Others question the process by which medical card companies sign up providers and patients. Usually, physicians must pay to enroll with a credit card company, just as retailers do. But in some cases, the companies reduce the fees they charge physicians when doctors successfully sign up new patients for cards.
“This kickback arrangement, plus CareCredit’s payment in full to providers within two days of the charge, creates an incentive for providers to push consumers to use CareCredit rather than other methods of payment,” according to the New York attorney general’s office. “In fact, providers pushed CareCredit over cash.”
CareCredit disputes this, saying there is no kickback to physicians in return for signing up new customers. The service creates efficiencies for doctors, CareCredit argues, but at a cost.
“(A)ll providers pay CareCredit a transaction fee to offer our services, as they do with any credit card,” White says. “It costs the provider more when the consumer chooses CareCredit among the several payment options they have, including cash, check or another credit card.”
Disclosures and protections
A number of people have complained that they were signed up for medical credit cards without their knowledge. A man in Monroe County, New York, was told he needed $5,600 worth of medical services. He went to a different physician without knowing the first doctor had signed him up for a CareCredit card and charged the full amount to his account. He didn’t pay, which made him delinquent and hurt his credit score, according to the attorney general’s office.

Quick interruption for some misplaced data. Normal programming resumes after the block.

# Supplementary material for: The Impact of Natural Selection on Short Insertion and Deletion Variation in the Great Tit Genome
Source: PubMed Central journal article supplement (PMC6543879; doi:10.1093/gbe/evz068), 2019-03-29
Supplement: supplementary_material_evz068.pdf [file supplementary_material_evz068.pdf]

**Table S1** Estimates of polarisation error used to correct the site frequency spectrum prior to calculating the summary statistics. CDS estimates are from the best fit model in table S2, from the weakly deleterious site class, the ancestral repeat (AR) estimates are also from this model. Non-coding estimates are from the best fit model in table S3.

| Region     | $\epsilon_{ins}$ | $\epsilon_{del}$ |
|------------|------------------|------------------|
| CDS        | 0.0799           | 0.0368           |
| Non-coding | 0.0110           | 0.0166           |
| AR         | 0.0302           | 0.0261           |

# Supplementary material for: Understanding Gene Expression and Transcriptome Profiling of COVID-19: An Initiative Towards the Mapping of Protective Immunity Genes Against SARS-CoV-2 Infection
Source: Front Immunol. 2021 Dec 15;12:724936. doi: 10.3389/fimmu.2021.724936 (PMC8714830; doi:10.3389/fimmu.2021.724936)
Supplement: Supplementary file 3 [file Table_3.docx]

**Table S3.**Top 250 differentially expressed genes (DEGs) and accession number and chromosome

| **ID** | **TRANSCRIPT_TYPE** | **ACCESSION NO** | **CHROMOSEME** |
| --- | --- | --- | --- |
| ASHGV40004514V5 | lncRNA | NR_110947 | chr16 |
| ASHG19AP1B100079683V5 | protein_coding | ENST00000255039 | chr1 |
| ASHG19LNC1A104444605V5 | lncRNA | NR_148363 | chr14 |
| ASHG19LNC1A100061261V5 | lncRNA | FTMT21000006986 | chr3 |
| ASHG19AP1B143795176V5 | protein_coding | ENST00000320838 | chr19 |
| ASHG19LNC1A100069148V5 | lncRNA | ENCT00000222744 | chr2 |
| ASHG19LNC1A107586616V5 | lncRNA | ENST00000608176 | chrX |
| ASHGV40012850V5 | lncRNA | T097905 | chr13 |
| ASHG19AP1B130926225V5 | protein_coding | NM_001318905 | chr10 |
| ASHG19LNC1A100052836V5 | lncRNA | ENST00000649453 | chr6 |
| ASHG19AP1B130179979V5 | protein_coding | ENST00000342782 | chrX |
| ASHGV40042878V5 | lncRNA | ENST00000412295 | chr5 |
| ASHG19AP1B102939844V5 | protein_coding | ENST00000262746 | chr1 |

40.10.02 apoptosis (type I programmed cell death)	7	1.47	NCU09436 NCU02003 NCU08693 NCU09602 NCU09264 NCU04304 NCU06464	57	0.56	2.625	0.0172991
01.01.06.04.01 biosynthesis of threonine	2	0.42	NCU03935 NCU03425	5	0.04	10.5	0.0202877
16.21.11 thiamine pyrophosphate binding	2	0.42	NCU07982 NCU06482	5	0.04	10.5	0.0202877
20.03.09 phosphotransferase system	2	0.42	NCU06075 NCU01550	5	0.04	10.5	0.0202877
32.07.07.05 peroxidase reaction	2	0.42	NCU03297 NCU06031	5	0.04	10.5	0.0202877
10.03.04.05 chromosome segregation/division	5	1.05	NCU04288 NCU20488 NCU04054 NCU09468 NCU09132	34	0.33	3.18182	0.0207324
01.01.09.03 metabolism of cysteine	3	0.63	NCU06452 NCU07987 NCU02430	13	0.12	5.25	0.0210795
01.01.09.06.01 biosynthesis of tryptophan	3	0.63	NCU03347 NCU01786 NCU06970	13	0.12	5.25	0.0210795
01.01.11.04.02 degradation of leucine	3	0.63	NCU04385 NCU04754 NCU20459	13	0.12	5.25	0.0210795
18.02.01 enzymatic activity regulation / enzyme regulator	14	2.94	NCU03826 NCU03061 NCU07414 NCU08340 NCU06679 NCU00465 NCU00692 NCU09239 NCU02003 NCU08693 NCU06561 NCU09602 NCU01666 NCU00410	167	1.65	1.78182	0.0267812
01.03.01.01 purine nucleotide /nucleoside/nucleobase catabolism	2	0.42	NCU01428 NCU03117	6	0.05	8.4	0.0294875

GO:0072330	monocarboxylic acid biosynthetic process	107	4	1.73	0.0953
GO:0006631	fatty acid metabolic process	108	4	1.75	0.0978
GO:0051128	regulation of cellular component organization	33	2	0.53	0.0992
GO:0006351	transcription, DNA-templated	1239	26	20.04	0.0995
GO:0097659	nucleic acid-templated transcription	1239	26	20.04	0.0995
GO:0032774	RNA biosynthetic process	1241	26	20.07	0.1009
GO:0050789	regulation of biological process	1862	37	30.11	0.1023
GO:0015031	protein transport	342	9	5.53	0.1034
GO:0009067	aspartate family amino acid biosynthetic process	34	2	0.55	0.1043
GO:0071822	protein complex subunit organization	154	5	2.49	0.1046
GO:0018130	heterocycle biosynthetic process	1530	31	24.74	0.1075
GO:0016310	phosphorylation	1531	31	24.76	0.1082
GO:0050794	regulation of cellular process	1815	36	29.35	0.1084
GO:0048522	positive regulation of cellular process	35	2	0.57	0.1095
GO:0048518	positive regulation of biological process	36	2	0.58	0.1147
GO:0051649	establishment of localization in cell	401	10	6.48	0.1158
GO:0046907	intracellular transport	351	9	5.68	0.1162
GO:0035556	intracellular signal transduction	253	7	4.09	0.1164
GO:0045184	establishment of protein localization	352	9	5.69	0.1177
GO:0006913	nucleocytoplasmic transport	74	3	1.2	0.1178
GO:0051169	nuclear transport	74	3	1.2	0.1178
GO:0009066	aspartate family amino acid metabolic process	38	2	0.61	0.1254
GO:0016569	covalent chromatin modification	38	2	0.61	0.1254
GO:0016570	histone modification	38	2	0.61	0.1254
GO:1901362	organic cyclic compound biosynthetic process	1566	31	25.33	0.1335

Two consumers in Minnesota accused medical card companies of signing them up without their knowledge, which led to a report by the state attorney general.
Finally there are concerns about how medical credit card companies handle cases in which the diagnosis or treatment changes along the way. Most charges on medical credit cards are made upfront, and are completed within a few business days, like most credit card transactions.
Sometimes the prognosis changes, and less work needs to be done. But patients who pay with credit cards already have had the transaction go through, leaving them little recourse to reduce the bill down to the amount they actually owe.
“We are concerned that some health care providers are aggressively marketing these high-interest credit cards to patients, without providing appropriate disclosures, protections, or refunds,” says Chuck Bell, programs director for Consumers Union.
And even when things work out as planned, consumer advocates wonder whether the very idea of charging medical expenses to a credit card makes sense. If bills are large enough, consumers will need to continue paying well after the zero-interest grace period ends. In the case of CareCredit, that means patients will be paying 27%, according to the card agreement.
“They’re not a great idea,” says Gerri Detweiler, a credit expert with Credit.com. “If you can’t afford the medical care now, paying 26% or more for it is not really a solution.”
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